My University, My Home

I love Nicholls State University. From the moment the soles of my shoes touched Nicholls’ soil, I knew this was some place special. I was home.

Morgan City was the closest I had ever been to the area, and I didn’t know a single person in Thibodaux. Most of the people I knew attended UL-Lafayette, McNeese or LSU. Not many Acadiana-area students made their way down to the bayou. As I watched my parents drive away on that humid day in July, I momentarily allowed doubt to creep into my mind. I quickly dismissed it by reminding myself that I was home and that I was blessed to have made it to the bayou.

My journey at Nicholls is a testament to the power of education and to the transformational effect it has on the trajectory of life. My siblings and I were raised by parents who believed that education is the key to success, happiness and a better life. They fostered this mindset in us from a young age and never wavered from this conviction. Not only did my siblings and I invest in this notion, but we all earned our Master’s Degree in Education with the intention of maximizing our impact on today’s youth by using education as a platform to inspire and educate.

Fast forward to the tragic death of George Floyd on May 25. I have been asked numerous times how I feel about this event and my response is always the same. I abhor police brutality on my fellow African-Americans, and I condemn the senseless killin of men who look like me.

This segue is important because education goes beyond the books. We must educate ourselves on issues as critical as this if we are to positively impact the trajectory of our future. I shouldn’t have to tell my son, who was born in the same month and year as Trayvon Martin, to lose the hoodie. And I shouldn’t have to endure glares of skepticism and distrust when I walk through certain doors and stores dressed casually. It is unacceptable that any African-American’s thoughts turn to, “Why does America hate us?” We must commit to do better and to be unapologetic in our efforts.

As Maya Angelou said, “When we know better, we do better.” It is now apparent that a large sector of citizens around the world believe that African-Americans are being marginalized and discriminated against; therefore, we must all engage in self-dialogue by asking ourselves the not-so-rhetorical question, “What am I going to do to end this travesty?”

Kevin George, Educator and Alumni Board Member

"America is the greatest country in the world, but we are not free from fault or disillusionment, and it’s our collective responsibility to make it a better place to live."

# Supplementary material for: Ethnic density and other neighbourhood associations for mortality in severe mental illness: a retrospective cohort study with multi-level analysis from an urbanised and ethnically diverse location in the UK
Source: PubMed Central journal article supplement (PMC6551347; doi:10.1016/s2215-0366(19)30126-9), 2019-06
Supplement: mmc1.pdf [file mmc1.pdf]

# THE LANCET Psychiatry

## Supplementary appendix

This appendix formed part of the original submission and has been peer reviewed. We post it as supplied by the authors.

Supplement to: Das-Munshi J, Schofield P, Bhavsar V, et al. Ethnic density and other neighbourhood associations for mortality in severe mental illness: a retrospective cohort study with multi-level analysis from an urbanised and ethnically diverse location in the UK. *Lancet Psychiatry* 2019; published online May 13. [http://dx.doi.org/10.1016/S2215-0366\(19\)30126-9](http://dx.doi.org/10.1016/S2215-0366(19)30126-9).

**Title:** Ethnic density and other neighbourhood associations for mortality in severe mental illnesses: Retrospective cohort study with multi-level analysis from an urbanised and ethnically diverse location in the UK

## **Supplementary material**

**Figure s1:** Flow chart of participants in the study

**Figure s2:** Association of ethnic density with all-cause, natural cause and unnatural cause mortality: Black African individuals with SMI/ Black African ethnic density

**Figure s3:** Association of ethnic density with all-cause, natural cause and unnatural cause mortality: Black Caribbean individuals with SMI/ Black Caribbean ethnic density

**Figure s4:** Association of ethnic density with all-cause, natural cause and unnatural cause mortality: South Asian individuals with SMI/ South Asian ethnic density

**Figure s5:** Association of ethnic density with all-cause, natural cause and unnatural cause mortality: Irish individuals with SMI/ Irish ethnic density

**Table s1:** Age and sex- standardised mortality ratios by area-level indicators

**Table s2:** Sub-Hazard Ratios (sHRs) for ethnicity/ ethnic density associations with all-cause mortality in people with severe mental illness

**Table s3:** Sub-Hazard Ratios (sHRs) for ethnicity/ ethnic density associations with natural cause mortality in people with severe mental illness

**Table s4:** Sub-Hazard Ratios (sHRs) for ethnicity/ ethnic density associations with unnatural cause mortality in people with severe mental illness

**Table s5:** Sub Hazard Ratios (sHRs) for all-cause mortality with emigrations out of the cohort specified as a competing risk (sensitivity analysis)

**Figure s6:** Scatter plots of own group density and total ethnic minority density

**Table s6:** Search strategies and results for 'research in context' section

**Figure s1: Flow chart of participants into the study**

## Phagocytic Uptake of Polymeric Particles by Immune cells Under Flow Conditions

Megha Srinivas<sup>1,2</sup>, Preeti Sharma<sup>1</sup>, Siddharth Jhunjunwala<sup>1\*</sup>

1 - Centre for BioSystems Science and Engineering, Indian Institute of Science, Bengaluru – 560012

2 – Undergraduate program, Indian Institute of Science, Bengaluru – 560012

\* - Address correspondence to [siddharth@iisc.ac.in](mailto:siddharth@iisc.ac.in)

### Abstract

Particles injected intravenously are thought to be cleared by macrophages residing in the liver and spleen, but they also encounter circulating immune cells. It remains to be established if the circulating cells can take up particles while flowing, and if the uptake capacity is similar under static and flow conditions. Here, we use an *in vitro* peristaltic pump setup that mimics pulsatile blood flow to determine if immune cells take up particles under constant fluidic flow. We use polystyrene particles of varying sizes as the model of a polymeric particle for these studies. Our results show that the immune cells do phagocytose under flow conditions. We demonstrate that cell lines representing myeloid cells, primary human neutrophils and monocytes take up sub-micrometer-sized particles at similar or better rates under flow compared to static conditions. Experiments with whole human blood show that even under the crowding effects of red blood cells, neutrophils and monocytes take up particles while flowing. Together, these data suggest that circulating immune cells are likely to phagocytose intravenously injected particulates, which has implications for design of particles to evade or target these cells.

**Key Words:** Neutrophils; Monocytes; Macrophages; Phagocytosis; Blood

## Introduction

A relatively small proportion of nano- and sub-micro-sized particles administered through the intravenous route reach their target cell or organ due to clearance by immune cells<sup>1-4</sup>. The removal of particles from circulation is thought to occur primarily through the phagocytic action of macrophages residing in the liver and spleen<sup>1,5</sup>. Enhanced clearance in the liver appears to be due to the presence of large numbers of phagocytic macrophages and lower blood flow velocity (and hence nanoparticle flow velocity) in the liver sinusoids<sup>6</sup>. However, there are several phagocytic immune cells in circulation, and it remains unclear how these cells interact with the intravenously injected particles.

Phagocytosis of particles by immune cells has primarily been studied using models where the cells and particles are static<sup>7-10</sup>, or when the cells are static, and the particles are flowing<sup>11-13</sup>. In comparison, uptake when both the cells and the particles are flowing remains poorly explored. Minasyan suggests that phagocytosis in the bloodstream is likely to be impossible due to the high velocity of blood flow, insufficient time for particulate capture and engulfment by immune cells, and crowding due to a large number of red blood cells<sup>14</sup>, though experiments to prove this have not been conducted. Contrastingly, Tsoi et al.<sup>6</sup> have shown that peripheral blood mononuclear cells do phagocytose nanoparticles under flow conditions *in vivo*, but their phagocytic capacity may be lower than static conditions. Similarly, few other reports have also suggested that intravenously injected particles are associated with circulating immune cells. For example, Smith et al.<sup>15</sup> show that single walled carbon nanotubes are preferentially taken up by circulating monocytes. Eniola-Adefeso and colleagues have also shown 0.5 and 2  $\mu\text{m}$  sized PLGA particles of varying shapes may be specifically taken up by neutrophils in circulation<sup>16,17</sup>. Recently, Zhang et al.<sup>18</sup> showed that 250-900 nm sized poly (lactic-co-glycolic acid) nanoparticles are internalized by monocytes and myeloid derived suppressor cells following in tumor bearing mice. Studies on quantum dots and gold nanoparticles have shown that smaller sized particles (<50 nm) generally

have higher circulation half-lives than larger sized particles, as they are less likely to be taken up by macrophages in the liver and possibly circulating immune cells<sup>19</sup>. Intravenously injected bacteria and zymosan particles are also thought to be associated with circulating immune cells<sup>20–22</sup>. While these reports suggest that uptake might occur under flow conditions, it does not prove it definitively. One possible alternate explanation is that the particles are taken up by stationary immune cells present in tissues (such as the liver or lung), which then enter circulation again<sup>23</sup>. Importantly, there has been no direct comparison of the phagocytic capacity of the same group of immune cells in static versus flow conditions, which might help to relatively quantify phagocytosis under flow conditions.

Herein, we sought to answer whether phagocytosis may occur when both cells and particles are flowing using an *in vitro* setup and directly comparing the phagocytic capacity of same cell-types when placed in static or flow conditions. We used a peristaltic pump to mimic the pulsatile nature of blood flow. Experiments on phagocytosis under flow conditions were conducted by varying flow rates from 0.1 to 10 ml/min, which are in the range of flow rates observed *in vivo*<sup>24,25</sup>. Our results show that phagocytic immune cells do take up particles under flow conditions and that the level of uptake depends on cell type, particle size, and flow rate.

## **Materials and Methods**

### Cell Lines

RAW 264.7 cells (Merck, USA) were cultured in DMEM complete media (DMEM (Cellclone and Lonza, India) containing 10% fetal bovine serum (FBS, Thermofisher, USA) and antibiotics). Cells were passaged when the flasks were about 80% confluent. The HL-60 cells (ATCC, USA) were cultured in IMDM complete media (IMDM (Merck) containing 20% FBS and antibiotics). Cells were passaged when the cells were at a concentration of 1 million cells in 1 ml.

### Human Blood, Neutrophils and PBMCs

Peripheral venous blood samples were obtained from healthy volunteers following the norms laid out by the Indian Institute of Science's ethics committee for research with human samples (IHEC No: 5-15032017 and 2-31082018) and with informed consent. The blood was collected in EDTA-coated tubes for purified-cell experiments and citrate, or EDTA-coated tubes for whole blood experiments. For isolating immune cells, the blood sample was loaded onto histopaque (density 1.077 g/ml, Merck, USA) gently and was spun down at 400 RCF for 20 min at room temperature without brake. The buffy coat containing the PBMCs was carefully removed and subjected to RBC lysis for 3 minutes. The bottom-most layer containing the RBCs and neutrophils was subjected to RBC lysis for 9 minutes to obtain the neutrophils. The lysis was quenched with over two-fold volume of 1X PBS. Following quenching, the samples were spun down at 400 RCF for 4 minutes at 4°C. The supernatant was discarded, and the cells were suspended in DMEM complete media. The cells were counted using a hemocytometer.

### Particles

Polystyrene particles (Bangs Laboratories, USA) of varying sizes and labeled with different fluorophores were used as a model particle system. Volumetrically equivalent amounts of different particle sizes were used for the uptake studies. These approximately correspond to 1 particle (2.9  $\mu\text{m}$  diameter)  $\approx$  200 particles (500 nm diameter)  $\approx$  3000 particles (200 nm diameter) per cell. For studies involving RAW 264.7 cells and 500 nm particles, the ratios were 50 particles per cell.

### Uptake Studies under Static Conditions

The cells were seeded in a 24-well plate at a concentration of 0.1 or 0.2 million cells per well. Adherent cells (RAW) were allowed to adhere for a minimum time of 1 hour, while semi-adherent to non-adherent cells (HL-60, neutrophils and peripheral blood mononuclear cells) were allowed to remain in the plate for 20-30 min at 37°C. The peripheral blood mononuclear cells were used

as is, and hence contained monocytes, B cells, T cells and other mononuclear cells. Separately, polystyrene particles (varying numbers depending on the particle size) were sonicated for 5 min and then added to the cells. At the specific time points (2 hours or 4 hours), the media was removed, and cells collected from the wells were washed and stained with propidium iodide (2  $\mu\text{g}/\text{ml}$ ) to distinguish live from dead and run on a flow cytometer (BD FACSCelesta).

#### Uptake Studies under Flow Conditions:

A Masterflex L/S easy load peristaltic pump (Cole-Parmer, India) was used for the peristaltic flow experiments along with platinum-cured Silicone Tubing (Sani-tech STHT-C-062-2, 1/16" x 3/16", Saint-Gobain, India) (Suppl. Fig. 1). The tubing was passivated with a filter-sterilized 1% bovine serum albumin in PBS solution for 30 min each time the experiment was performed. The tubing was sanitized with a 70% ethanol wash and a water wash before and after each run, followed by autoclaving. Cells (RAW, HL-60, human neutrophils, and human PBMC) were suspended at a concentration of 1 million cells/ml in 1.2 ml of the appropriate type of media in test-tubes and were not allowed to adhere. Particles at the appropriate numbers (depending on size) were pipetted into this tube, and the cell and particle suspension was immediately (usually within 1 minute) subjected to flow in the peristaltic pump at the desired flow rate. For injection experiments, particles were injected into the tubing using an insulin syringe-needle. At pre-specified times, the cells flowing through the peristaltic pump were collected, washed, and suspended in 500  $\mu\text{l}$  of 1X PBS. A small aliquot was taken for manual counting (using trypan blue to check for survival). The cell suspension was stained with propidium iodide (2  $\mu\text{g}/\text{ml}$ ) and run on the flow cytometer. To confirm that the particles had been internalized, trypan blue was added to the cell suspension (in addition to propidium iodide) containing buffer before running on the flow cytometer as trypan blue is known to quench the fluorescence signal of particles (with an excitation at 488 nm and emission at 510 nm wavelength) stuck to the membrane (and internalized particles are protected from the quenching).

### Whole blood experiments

It is no longer acceptable to remain complacent with the status quo in America. When uninformed people exclaim, “If you don’t like it, you can leave,” they are projecting their lack of understanding and empathy. I reciprocate their remark by informing them they are free to take their own advice by leaving; however, I never neglect an opportunity to educate and inform. I reiterate that we are not going anywhere and that we do not want anything more than to be treated equally as all other citizens of this great country.

America is the greatest country in the world, but we are not free from fault or disillusionment, and it’s our collective responsibility to make it a better place to live. My former college coach used to tell us that when he stopped yelling at us is when we needed to worry.

This represents our present situation. Just like my coach, he put pressure on us by yelling because he believed in us and knew we could do better. He yelled to get our attention so we would hear him and correct our actions. We are metaphorically yelling at America to do better because, deep down, we know that our citizens are better than what some of their behavior reflects.

I take pride in my country and in all the opportunities being an American has afforded me. My honor runs deeply, as my grandfather, PFC Clarence George, served in the 1st Battalion 365th Infantry Regiment in World War II. My people were the foundation of this country and fought for the freedom we share as Americans today. It is our civic duty to keep yelling until our citizens act in accordance with the greatness that is our country.

Using words to encourage and educate is a powerful outlet, but translating those words into actionable change is an indestructible power. To this end, I have embarked upon the establishment of the Nicholls State University Black Alumni Chapter under the Alumni Federation.

From a single text, we have established a chapter of over 60 Black Alumni who are wholeheartedly committed to working in partnership to improve the Black Alumni connection to our beloved University. From this one act, we will coalesce into a movement whose mission is to make this University, this city, our state, and eventually this country, a better place. God bless you and Geaux Colonels. – Kevin George (BGS ’96, BS ’99, MEd ’03)